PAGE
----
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Study: Maternal obesity linked to children's cardiovascular disease

Finnish scientists behind the study also discovered gestational diabetes had little effect on children’s health.

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Finnish researchers say young children of obese mothers are predisposed to having high blood pressure and early stage arterial wall thickening. However children whose mothers developed gestational diabetes during pregnancy showed few adverse health outcomes, according to new findings by Helsinki University Hospital (HUS) researchers.

Cardiovascular disease is the leading cause of the death among adults in the western world, and scientists say signs of the condition can already begin developing in the foetal stage.

Dangerous extra weight

HUS researchers found that a child’s high body weight correlated to arterial wall thickening and adverse changes to the heart.

”It’s important to combat obesity in early childhood even if cardiovascular markers are not yet present,” said paediatric cardiologist Taisto Sarkola. “It’s a lot more difficult to counter obesity in the teenage years.”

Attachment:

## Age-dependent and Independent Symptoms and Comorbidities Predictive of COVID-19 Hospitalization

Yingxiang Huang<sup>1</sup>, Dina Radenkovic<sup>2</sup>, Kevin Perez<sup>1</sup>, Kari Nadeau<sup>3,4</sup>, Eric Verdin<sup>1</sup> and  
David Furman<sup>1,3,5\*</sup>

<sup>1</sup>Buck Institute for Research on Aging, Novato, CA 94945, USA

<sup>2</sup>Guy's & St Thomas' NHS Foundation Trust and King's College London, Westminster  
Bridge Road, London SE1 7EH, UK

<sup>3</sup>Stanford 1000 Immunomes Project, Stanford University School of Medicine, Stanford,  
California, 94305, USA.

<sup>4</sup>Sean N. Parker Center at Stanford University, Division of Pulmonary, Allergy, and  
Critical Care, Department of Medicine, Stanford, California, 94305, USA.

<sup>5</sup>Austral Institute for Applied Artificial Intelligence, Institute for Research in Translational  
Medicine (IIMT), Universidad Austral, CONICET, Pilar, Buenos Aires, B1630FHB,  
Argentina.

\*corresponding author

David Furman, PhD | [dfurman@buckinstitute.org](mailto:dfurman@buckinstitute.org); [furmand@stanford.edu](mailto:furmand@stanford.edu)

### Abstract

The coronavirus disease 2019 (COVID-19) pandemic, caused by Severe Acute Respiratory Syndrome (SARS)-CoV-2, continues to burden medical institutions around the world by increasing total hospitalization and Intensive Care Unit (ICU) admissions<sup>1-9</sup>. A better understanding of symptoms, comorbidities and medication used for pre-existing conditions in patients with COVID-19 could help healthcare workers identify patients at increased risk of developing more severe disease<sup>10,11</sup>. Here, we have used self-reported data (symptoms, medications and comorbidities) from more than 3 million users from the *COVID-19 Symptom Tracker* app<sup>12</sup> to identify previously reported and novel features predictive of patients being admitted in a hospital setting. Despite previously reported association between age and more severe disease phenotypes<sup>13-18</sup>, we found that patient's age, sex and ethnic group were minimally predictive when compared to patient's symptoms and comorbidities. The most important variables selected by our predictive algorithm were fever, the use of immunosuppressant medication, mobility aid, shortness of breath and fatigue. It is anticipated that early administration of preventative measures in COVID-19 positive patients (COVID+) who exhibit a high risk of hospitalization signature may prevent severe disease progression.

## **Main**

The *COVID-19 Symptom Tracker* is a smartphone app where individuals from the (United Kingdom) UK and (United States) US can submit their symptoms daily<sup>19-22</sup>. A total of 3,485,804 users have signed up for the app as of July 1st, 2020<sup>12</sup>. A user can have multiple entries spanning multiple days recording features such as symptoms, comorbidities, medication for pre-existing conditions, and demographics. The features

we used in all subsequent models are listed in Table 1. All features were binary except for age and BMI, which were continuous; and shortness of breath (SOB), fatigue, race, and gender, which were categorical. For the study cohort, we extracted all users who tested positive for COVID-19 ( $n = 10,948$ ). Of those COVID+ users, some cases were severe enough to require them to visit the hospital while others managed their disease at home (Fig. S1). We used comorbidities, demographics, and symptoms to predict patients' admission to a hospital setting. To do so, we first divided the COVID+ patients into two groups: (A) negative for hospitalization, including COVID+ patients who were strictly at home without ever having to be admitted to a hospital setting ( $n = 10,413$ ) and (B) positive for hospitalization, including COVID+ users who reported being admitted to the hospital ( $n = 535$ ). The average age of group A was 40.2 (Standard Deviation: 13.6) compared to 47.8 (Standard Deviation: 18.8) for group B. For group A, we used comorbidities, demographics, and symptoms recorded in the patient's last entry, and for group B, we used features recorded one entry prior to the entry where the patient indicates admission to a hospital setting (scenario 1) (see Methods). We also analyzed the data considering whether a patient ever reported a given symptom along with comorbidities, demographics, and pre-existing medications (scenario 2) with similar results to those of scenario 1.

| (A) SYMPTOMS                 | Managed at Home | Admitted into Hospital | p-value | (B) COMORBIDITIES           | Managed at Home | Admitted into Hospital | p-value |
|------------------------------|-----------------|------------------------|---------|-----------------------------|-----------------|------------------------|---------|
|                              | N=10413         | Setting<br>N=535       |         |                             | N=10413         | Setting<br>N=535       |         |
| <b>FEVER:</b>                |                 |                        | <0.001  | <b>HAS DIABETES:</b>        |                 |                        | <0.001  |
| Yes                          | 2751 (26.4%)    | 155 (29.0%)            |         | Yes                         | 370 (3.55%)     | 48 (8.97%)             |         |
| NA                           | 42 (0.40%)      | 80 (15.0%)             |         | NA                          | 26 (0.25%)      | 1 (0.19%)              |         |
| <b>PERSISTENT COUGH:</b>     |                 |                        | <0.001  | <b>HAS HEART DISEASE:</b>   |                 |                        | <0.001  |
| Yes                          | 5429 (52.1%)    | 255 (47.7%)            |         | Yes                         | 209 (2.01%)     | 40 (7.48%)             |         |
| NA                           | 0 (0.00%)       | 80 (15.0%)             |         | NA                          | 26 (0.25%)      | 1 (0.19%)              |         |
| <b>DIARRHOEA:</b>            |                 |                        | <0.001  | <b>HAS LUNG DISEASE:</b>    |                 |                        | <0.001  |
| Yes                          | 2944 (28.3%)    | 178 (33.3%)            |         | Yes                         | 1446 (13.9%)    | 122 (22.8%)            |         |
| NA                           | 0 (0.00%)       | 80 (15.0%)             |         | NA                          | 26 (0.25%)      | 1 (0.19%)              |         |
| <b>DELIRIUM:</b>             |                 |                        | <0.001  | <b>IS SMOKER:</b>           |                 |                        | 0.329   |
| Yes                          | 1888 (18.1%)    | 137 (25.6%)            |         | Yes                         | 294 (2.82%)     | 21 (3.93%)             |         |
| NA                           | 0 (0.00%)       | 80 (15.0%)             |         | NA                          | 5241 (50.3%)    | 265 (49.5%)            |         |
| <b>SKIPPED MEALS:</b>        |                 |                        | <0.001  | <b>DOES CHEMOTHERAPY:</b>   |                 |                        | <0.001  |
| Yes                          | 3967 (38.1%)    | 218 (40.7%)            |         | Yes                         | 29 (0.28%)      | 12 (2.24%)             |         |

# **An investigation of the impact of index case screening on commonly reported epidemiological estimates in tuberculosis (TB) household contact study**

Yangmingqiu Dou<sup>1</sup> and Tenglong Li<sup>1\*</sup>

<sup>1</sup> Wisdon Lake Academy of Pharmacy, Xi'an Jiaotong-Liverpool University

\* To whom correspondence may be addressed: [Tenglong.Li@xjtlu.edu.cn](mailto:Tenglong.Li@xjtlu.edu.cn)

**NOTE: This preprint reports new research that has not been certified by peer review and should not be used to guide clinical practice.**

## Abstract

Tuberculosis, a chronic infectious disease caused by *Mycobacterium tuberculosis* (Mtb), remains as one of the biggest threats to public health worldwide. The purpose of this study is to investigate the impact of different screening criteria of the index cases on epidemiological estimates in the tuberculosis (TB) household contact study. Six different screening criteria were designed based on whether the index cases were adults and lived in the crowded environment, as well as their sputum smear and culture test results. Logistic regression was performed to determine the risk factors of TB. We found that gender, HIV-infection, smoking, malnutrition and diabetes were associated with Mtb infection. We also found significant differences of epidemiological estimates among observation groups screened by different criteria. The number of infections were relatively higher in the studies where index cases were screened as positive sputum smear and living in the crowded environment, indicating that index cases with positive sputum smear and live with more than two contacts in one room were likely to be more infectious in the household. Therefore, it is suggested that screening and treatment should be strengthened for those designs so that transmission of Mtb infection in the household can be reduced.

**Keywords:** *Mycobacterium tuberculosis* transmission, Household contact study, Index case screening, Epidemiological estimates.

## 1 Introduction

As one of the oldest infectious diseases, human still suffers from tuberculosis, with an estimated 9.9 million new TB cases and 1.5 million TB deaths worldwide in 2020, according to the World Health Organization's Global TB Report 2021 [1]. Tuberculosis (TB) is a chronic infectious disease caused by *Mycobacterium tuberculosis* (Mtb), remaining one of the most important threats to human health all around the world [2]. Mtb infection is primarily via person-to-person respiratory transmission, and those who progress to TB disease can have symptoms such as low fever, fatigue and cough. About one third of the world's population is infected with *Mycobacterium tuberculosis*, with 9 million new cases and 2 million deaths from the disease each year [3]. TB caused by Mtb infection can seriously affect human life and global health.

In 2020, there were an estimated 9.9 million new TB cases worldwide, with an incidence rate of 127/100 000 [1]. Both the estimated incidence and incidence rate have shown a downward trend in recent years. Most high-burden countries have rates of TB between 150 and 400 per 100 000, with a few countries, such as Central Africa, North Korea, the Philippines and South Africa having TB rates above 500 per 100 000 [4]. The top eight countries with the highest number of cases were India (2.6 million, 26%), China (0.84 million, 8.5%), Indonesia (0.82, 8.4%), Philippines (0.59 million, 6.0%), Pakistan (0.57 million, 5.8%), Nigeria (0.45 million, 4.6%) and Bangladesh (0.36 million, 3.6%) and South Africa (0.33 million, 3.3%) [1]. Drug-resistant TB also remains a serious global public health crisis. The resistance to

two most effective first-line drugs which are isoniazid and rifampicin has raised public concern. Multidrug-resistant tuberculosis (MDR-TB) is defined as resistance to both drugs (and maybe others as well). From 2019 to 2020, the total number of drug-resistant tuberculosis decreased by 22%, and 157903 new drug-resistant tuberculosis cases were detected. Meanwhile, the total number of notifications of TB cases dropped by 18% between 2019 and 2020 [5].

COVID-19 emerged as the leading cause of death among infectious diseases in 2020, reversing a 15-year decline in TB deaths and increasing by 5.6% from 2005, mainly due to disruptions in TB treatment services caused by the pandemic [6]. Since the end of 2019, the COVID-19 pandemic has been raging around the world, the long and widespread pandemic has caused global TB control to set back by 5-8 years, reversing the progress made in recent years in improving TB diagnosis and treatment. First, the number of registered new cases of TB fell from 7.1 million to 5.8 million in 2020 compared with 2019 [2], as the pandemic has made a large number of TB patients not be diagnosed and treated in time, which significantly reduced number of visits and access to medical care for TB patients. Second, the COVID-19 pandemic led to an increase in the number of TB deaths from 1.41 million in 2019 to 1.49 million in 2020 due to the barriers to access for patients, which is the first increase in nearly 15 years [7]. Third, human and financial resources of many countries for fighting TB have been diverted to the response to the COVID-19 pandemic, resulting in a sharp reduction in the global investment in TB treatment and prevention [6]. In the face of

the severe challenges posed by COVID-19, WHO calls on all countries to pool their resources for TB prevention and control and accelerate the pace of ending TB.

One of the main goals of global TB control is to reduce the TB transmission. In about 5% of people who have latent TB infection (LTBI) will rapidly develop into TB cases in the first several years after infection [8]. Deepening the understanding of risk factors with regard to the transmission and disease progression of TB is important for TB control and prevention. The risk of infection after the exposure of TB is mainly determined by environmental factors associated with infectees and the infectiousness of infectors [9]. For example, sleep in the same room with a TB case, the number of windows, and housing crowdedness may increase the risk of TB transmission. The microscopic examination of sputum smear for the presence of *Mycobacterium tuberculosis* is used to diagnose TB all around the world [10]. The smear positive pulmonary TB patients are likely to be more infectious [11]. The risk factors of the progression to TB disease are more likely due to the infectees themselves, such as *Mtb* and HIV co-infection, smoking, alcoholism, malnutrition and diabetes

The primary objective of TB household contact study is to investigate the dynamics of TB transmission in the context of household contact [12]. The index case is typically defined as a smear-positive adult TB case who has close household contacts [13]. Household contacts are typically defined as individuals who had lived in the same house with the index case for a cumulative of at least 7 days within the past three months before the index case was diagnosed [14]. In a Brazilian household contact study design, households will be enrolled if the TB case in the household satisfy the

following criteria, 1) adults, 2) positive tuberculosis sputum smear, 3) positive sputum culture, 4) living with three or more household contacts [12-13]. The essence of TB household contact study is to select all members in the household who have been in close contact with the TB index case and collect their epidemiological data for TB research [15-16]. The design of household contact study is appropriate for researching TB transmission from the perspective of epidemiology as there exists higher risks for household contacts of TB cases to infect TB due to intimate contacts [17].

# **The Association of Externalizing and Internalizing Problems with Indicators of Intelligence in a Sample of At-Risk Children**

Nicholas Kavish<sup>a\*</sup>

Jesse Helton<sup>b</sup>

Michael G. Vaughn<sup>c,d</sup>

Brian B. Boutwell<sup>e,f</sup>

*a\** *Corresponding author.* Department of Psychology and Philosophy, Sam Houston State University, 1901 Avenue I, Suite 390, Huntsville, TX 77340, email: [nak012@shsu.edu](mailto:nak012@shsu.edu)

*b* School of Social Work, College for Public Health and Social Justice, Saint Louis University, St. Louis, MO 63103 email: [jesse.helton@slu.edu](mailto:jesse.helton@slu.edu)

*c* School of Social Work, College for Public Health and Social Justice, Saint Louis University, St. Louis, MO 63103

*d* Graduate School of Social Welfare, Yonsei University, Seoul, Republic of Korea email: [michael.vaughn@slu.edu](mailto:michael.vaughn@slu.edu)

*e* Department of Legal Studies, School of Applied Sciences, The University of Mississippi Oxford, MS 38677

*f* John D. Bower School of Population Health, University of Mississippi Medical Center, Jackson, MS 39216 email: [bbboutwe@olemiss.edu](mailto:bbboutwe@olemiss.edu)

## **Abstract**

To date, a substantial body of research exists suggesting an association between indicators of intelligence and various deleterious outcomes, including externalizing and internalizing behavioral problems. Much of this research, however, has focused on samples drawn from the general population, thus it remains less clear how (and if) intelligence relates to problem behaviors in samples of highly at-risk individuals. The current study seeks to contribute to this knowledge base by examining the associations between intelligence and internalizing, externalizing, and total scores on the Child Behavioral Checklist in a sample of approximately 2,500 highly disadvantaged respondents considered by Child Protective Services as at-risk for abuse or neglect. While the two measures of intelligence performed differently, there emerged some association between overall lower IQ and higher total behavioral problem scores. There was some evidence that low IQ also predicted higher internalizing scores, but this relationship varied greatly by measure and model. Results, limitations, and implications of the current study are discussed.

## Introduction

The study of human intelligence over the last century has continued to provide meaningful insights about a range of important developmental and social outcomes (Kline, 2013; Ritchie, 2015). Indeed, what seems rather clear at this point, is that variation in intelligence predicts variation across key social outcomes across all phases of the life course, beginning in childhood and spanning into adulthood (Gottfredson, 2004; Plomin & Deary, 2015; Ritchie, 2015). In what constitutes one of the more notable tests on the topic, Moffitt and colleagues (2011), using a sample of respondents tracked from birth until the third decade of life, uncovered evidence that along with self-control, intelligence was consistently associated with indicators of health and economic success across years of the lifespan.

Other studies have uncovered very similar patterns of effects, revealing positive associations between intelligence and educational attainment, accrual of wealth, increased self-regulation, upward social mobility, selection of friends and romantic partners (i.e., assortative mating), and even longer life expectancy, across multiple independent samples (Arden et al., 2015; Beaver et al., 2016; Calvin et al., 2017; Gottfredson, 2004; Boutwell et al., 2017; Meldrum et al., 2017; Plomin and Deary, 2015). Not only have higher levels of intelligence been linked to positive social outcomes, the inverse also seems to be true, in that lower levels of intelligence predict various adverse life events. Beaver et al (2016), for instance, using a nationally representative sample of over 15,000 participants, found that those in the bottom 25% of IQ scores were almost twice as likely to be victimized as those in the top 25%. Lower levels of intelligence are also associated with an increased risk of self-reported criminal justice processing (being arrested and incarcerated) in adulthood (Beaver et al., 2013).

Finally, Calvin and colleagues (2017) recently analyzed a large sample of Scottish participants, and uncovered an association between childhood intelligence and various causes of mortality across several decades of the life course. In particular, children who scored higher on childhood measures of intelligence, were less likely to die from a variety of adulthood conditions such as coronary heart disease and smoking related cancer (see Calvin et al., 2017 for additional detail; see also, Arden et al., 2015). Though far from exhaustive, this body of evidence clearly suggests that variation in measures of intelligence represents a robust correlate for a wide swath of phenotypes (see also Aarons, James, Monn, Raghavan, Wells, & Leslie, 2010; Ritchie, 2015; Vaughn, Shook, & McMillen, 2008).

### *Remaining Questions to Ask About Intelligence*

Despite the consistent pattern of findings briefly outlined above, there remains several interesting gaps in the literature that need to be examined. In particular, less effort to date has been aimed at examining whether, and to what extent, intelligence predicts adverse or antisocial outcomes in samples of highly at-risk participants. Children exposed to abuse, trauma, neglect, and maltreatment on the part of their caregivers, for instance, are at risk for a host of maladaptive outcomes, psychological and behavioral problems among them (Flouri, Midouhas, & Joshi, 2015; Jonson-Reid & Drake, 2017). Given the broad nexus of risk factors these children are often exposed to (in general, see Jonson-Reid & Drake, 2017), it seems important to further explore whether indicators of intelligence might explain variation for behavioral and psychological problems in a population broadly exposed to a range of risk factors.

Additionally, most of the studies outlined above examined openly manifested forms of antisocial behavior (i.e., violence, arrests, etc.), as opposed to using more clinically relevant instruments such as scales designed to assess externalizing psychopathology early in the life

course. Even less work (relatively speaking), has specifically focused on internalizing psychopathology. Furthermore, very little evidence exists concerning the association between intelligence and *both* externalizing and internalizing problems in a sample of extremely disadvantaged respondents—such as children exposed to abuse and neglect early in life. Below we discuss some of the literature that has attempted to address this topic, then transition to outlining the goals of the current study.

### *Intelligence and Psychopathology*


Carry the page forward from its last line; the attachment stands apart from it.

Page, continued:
Researchers found that six-year-olds whose mothers had gestational diabetes were not predisposed to weight gain nor did they show signs of developing markers for cardiovascular disease.

The study followed 201 mother-child pairs for six years after the child’s birth, and only included moms who had developed diabetes during pregnancy or whose body mass index (BMI) exceeded 30. BMI is determined by dividing a person's weight by the square of his or her height. It considers any adult with a BMI of 25 or more to be overweight, while those with 30 or more are obese.

Next, HUS plans to home in on blood pressure, examining how the condition passes from one generation to the next. The research project will focus on mothers who had high blood pressure during pregnancy as well as their 8-11 year-old children.

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